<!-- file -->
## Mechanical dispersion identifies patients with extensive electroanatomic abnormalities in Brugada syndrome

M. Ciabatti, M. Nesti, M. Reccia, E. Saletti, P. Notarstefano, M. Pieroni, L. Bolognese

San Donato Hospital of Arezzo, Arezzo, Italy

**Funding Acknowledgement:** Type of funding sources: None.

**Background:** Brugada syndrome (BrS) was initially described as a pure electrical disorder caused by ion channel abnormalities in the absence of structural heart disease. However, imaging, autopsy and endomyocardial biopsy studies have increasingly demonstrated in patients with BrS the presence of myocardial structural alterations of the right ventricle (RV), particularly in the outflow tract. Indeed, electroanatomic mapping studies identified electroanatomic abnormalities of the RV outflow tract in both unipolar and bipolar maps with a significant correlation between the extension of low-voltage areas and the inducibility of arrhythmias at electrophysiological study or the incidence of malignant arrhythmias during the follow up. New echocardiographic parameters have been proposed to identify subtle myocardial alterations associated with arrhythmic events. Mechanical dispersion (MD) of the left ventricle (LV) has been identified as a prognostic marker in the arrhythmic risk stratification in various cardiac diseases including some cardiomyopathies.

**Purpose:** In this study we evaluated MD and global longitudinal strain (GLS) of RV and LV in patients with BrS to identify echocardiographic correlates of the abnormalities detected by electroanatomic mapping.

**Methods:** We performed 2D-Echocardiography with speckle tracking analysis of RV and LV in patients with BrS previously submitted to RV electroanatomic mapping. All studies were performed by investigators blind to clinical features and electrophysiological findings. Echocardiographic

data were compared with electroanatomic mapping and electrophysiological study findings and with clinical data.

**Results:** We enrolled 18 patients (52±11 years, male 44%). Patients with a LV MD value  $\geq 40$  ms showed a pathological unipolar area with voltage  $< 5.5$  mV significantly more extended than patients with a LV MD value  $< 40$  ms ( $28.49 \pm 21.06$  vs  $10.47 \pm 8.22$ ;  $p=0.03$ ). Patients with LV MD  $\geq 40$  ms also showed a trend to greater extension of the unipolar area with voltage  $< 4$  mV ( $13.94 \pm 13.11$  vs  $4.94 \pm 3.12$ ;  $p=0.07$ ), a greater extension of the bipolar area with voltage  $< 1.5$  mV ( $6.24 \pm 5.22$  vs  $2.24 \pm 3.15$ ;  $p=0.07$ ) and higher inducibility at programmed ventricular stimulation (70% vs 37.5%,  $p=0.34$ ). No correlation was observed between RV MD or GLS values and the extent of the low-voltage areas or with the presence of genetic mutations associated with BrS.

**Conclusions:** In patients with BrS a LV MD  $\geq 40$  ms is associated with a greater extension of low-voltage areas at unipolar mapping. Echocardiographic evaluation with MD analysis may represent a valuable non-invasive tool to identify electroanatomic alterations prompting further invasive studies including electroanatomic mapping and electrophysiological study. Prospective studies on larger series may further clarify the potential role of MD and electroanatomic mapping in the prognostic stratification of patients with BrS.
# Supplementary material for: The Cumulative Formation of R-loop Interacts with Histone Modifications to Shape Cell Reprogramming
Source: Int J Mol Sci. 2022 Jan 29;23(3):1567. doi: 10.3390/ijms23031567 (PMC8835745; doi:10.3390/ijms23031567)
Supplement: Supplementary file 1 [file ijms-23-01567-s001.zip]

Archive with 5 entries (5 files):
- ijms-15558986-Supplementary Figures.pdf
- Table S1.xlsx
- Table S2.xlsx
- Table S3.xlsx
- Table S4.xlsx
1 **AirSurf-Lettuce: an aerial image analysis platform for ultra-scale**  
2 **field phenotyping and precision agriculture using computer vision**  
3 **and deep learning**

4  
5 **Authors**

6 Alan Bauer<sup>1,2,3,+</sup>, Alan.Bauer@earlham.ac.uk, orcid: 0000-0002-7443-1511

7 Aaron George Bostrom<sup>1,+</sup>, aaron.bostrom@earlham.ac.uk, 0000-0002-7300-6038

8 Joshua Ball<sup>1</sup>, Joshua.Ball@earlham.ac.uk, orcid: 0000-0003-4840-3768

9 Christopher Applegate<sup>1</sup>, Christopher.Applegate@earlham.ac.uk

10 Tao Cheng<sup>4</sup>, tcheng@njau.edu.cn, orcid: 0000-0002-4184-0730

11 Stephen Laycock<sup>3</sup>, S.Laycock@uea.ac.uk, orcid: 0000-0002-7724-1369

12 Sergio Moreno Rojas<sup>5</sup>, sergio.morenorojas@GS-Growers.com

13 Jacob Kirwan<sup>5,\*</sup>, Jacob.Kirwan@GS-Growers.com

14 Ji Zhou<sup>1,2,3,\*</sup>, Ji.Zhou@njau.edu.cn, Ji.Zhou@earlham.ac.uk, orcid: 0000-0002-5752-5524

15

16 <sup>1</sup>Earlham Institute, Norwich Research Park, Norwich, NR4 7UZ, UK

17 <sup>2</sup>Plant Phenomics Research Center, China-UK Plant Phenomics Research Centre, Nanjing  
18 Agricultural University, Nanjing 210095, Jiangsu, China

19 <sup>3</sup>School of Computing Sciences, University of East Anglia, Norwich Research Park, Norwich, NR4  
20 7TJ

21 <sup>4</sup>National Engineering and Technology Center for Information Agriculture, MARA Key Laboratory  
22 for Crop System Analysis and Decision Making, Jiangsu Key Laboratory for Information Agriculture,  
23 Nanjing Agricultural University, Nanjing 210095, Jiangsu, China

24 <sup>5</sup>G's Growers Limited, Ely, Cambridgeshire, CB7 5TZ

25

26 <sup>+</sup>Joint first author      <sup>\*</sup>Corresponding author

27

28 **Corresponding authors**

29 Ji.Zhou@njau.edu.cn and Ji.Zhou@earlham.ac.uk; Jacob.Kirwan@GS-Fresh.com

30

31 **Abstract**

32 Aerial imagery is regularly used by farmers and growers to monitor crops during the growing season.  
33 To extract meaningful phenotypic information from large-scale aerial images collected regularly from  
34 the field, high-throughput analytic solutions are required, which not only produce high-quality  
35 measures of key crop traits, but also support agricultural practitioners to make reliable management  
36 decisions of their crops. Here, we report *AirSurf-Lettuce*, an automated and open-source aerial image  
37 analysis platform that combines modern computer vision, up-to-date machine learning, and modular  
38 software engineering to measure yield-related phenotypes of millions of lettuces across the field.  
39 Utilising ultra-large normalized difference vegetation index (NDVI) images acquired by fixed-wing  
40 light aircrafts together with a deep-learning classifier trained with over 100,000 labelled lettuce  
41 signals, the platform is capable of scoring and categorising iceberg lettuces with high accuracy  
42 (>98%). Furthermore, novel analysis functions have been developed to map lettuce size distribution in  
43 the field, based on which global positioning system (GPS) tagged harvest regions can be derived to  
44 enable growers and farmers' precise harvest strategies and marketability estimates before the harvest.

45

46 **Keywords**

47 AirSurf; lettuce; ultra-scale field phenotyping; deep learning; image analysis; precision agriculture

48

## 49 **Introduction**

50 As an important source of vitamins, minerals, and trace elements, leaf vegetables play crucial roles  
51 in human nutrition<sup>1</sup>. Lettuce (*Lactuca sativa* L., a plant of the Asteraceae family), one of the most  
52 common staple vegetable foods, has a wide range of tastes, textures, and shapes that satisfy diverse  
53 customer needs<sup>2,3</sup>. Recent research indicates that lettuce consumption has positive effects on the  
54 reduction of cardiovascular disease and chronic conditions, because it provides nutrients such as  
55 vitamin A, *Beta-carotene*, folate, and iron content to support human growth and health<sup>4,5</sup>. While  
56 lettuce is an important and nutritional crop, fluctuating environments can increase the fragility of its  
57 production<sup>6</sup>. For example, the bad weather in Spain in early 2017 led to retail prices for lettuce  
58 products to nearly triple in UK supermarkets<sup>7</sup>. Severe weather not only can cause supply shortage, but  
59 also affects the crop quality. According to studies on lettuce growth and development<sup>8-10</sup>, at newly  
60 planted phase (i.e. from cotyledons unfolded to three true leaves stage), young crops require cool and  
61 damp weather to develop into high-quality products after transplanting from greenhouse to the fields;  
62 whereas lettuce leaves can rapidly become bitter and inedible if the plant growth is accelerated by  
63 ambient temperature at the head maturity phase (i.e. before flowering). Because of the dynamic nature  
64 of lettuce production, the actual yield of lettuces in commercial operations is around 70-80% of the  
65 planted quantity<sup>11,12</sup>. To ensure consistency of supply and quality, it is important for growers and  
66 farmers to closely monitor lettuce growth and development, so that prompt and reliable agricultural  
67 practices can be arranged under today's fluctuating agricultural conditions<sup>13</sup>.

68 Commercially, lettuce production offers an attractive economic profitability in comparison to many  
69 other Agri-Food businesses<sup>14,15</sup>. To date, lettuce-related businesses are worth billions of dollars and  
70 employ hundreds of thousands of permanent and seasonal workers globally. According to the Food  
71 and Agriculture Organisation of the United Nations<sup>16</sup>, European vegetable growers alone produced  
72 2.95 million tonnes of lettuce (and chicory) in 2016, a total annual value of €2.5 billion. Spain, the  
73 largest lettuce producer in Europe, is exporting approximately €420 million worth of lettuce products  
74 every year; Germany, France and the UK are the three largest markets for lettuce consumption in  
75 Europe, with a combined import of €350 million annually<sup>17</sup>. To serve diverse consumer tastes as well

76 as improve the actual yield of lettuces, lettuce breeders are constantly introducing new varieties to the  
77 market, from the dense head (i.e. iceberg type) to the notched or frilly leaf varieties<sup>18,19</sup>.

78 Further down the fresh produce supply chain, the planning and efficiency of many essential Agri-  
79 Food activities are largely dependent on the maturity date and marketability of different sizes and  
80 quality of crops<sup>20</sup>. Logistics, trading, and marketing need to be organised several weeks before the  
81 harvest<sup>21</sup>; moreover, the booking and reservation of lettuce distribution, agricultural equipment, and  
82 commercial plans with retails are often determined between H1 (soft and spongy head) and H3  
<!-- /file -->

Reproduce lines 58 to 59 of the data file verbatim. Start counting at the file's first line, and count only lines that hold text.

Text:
39 Utilising ultra-large normalized difference vegetation index (NDVI) images acquired by fixed-wing  
40 light aircrafts together with a deep-learning classifier trained with over 100,000 labelled lettuce  